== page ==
The Sources of Hong Kong Law


Peter Wesley-Smith

ISBN : 978-962-209-363-8


October 1994

356 pages, 6.5″ x 9.5″

  • HK$160.00

Hong Kong has a curious mixture of laws old and new, written and unwritten, home-grown and imported. Made by various bodies in various ways with various results, these laws constitute a reasonably coherent body of rules, principles, practices, procedures, assumptions, and attitudes. How are these differing sources of law best described and explained? How are they mobilized and employed? How do they achieve the coherence they seem to display, and can that coherence be maintained? Such are the questions which this book seeks to illuminate. They are vital questions for a legal system undergoing significant change at a crucial time in the political development of Hong Kong.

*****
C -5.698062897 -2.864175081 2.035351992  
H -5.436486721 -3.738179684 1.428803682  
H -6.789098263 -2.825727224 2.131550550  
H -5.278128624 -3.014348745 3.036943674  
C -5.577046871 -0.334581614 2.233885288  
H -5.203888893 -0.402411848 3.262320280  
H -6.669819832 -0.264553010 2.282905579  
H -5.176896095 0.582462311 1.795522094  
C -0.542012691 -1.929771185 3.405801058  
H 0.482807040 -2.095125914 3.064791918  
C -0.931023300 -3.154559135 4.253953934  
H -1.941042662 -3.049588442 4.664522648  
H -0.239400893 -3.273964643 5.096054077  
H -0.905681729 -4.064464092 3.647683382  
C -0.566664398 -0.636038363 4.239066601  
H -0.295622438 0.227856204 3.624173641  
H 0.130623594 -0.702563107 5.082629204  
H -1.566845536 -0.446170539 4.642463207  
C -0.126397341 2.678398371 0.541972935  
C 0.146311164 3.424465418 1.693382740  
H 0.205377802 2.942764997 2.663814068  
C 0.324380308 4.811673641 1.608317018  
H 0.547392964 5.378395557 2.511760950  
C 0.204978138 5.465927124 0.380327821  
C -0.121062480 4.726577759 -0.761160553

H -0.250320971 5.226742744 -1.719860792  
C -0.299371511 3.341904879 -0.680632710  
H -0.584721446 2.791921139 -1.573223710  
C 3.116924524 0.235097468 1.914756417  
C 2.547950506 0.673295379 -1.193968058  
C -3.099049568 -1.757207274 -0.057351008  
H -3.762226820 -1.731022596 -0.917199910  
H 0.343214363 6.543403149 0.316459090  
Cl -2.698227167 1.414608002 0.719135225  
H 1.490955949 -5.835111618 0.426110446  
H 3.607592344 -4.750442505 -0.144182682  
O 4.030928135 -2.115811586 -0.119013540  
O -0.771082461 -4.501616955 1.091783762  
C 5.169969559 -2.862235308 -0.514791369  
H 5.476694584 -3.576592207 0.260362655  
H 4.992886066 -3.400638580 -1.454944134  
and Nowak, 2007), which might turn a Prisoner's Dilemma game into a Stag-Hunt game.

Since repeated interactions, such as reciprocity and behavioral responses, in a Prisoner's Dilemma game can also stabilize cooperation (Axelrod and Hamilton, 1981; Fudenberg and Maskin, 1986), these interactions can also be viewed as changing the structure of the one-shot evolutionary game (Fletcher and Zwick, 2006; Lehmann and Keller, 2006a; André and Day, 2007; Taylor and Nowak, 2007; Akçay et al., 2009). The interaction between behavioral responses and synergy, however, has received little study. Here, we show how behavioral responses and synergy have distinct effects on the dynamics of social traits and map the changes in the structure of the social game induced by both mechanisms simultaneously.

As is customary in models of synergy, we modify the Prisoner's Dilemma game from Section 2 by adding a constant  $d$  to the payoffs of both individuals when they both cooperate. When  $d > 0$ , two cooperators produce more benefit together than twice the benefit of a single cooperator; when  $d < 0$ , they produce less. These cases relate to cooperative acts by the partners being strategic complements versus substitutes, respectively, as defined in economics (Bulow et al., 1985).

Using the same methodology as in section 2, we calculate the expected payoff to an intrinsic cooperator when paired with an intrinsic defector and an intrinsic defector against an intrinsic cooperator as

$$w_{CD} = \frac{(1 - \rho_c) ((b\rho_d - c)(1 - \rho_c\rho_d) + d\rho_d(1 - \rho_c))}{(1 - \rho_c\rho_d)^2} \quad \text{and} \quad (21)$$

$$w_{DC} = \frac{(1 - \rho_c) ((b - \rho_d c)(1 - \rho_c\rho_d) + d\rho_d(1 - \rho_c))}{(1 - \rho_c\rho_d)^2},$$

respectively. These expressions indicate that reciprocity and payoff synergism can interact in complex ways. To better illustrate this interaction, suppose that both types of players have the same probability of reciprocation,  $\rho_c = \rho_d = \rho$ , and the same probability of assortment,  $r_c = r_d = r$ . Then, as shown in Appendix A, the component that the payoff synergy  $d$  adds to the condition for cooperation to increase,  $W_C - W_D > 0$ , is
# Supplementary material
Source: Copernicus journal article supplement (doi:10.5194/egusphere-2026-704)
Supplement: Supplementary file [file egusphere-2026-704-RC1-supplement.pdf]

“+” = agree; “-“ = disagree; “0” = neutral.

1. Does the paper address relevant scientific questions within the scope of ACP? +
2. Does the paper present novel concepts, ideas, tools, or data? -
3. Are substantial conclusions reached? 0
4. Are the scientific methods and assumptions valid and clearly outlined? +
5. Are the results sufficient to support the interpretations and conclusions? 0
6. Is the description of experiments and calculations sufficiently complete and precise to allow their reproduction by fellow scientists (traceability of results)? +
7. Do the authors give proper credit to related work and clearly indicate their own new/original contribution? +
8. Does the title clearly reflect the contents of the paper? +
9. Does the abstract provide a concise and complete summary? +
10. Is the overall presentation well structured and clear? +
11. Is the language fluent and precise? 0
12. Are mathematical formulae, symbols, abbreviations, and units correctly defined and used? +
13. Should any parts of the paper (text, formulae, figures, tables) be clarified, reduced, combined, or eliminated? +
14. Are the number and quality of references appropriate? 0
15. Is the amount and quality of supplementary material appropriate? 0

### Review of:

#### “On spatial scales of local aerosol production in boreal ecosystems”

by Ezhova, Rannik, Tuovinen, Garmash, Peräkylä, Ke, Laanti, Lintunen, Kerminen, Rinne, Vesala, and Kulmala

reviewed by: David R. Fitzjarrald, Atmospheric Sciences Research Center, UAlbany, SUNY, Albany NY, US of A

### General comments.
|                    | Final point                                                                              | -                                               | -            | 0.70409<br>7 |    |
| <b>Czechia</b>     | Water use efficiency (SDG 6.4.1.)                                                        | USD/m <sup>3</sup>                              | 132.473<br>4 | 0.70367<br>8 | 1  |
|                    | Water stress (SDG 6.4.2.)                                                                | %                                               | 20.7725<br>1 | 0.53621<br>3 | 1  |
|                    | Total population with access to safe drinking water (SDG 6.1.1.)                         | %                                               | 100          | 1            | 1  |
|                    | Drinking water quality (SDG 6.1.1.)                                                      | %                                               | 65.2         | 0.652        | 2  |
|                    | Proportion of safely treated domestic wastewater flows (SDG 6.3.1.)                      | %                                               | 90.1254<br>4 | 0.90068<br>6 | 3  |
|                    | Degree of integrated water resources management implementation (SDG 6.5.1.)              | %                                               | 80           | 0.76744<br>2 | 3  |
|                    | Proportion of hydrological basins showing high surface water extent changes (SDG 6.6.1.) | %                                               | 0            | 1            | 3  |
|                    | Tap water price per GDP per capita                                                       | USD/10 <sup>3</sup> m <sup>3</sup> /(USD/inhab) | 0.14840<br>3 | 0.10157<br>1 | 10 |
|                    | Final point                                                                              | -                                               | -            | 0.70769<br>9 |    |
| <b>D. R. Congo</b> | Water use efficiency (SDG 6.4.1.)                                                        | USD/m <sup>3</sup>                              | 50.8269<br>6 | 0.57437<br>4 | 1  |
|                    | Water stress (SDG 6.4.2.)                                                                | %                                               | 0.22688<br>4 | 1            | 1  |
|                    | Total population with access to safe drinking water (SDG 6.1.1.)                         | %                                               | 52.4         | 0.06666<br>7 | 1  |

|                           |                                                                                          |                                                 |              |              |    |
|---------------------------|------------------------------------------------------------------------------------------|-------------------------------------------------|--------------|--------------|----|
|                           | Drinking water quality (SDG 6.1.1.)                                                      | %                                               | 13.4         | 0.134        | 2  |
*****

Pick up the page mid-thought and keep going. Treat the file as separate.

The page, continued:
Peter Wesley-Smith is Professor of Law and Dean of the Faculty of Law, the University of Hong Kong, and Editor-in-Chief of the Hong Kong Law Journal. His first encounter with the territory was as a research student, when he embarked upon a study of the lease of the New Territories. His doctoral thesis became Unequal Treaty 1898–1997, something of a best-seller for an academic work. He subsequently published An Introduction to the Hong Kong Legal System and Constitutional and Administrative Law in Hong Kong (both now in their second editions). He has also edited and contributed to several other books and written many articles on aspects of the Hong Kong legal system and constitution.